Her foot slipped off the barstool rung, and she jerked forward, her gaze flying to the handsome cowboy who’d somehow managed to slip in unnoticed beside her.
“I don’t dance,” she croaked, then cleared her throat. A blush crept up across her cheeks at the way his green eyes narrowed as they swept her face.
She knew what he saw. A thin woman, a little older than he was. Sun and hard luck had carved a line or two into the brackets beside her mouth and the corners of her eyes. She hadn’t moisturized in ages, hadn’t worn makeup in even longer. What was the point? Her husband was dead, and she had a ranch to run.
“All you have to do is hold on. I’ll move you around the floor,” he said, his voice soft and seductive. A dimple dug a crease into one cheek as he smiled. It perfectly matched the notch in his chin.
Her tongue tickled as she thought about pushing the tip into that groove. She straightened on her seat. “If I said I wasn’t interested, would you move along to someone else?”
He shook his head, then tilted up the brim of his hat. “Name’s Lone, but you can call me Lonny.”
Charli’s mouth twitched, but she couldn’t hide the glimmer of a smile his persistence evoked. “You ever have a woman say no?”
His sage eyes lit with humor. “Not once. You wouldn’t wanna mess up my perfect record, now would ya? It’s just a dance.”
She sighed and ignored Jake’s scowl. When Lonny extended his hand, she placed hers inside his and hoped he didn’t mind a callus or two.
His fingers closed tighter, and he tugged her off the stool. Standing beside him, she felt her heart flutter because he was tall and broader across the chest than she’d noticed. She liked feeling dwarfed by a man. Her day was definitely looking up.
Lonny led her between the round tables to the parquet dance floor, then turned and pulled her into his embrace, his arms encircling her body.
She cocked her head and drew back, lifting a hand to indicate she expected something a little less invasive.
He didn’t argue. Instead, he flashed an easy grin and lifted his hand, waiting until she slid her palm across his. He placed his other hand lightly on her hip and shuffled her backward on the dance floor.
They made several turns before he leaned toward her. “You lied. You do too dance.”
Charli chuckled. “Not in a long time, cowboy.”
“Swear I wouldn’t have minded if you’d stepped on my toes. Would’ve given me an excuse to pull you closer. We could have swayed together.”
“You know any speed other than fast?”
A pang of regret tightened her chest. Something of what she felt must have registered on her face, because he pulled her closer, not relenting until she laid her head against his shoulder. Now they did sway slowly together. And it was nice.
His cheek rubbed her hair. “This is nice. Didn’t I tell you?”
She snorted, surprised his words so closely matched her own thoughts. “You’re awfully pushy.”
“Can’t resist a pretty girl.”
“You’re not gettin’ into my pants with flattery.”
“Then what’ll it take?”
She should have been insulted, but her body softened the shock, melting ever so slightly closer to the hard-bodied cowboy. “I’m not easy.”
“Sounds like a challenge to me,” he murmured beside her ear. “You married?”
And she’d stopped wearing Daniel’s ring a year ago.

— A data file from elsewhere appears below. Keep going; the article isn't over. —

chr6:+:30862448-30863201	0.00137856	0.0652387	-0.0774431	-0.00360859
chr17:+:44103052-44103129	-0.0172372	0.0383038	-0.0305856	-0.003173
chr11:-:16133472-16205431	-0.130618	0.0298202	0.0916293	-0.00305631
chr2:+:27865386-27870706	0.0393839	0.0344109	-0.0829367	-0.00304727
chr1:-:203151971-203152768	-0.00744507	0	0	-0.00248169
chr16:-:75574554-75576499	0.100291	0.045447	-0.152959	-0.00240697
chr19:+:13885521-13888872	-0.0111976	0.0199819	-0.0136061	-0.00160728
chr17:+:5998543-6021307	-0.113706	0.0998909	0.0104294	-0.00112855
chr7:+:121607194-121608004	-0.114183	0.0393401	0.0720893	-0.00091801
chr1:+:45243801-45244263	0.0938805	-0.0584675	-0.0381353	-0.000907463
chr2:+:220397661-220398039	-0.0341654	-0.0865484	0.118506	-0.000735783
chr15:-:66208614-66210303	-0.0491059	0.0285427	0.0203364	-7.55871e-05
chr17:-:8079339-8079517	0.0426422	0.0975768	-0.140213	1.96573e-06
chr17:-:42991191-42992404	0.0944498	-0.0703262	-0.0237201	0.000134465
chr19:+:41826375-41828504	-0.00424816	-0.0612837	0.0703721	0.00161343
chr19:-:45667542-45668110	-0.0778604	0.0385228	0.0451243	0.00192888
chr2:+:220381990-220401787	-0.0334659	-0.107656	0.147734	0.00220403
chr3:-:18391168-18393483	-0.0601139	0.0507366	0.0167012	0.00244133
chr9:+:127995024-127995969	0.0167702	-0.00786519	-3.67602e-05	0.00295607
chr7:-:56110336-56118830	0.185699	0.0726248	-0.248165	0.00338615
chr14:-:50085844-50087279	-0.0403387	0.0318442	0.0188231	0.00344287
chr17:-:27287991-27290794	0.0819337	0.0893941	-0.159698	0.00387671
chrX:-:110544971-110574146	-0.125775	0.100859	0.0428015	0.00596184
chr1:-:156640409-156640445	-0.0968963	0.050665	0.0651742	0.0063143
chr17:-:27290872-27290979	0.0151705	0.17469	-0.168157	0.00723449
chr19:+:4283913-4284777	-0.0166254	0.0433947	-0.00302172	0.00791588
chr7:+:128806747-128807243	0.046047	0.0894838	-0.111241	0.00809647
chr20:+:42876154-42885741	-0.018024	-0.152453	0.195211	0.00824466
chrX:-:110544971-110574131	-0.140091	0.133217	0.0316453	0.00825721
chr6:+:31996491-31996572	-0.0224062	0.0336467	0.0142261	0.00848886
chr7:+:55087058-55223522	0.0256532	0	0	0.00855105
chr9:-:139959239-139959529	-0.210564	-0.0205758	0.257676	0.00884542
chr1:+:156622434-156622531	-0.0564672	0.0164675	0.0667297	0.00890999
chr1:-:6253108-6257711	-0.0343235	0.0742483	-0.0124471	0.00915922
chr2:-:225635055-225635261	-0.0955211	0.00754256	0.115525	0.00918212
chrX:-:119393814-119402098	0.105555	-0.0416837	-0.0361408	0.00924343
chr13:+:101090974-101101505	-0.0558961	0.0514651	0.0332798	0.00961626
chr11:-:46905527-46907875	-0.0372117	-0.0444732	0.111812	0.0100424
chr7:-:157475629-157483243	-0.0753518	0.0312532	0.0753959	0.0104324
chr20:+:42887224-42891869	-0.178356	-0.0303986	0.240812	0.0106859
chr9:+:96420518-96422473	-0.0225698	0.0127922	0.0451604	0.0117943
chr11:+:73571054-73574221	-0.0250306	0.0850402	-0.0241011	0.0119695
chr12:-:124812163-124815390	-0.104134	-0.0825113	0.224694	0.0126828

“Then there’s nothing in the way.”
She leaned away to glance up into his face. “What if I have a boyfriend?”
“Sweetheart, if you had a man in your life, one you wanted in your bed, you wouldn’t be here with me right now.”
Her gaze slid away. She ought to be feeling guilty. The glances she was getting from Jake were sternly disapproving.
But while it was true Drew was a part of her life, she’d never felt a spark of fire this hot. Hadn’t since she was a teenager and Daniel pulled her clothing from her body for the first time.
“See there?” he murmured. “You’re thinking about it now. What it would be like to lie down with me.”
“I’m not like that.”
He nodded, his grin widening. “I know. Makes it all the sweeter.”
She laughed and shook her head. Her face was on fire, and she’d never been so glad the lights were dim inside this bar. However, that heat was nothing compared to the slow simmer melting honey between her legs.
When his thigh slipped between both of hers and his hand pressed against her hip to coax her into riding it, she didn’t resist. She dropped her head to hide her expression, and let him slide deeper between her legs, each step forward rubbing against her crotch, building friction. Her breath hitched at the sensation. Her hand tightened inside his.
His chest rose and fell a little more deeply, like he too felt that spark of attraction catch fire. They moved fluidly around the dance floor, their movements graceful, as though they’d done this before.
Her nipples pebbled, and she let her chest rest against his, enjoying the added sensations of all that hard muscle softly buffeting hers.
This wasn’t just a dance. It was a seduction, and her body warmed. Fluid drenched her panties, and she wished she had the courage to be shameless and let him lead her outside.
The song ended. She drew a deep breath and tugged her hand from his, forcing him to pull away. “Thanks for the dance,” she whispered.
“Pleasure was all mine, ma’am.”
Face burning, she turned on her heel and walked away, past the bar where Jake delivered a scowl, through the glass door and into the baking heat outside. The sun had set, but the pavement hadn’t cooled.
Jake could put her beer on her tab. She didn’t need his bristling disapproval. Not right now, when her body was still pleasantly warm and languid.
She dug into her pocket for her truck keys and didn’t look back to see if the cowboy followed. She knew her place. It was back at the Lucky K. Not mooning over a younger man.
“Why are you in such a hurry? Did I scare you off?”
Her head whipped up, her gaze landing on the young cowboy.
He stood beside her truck, his gaze shadowed beneath his hat. “I’d like to buy you a drink. Get to know you.”
“I can’t stay,” she blurted. “I’ve got someplace to be.”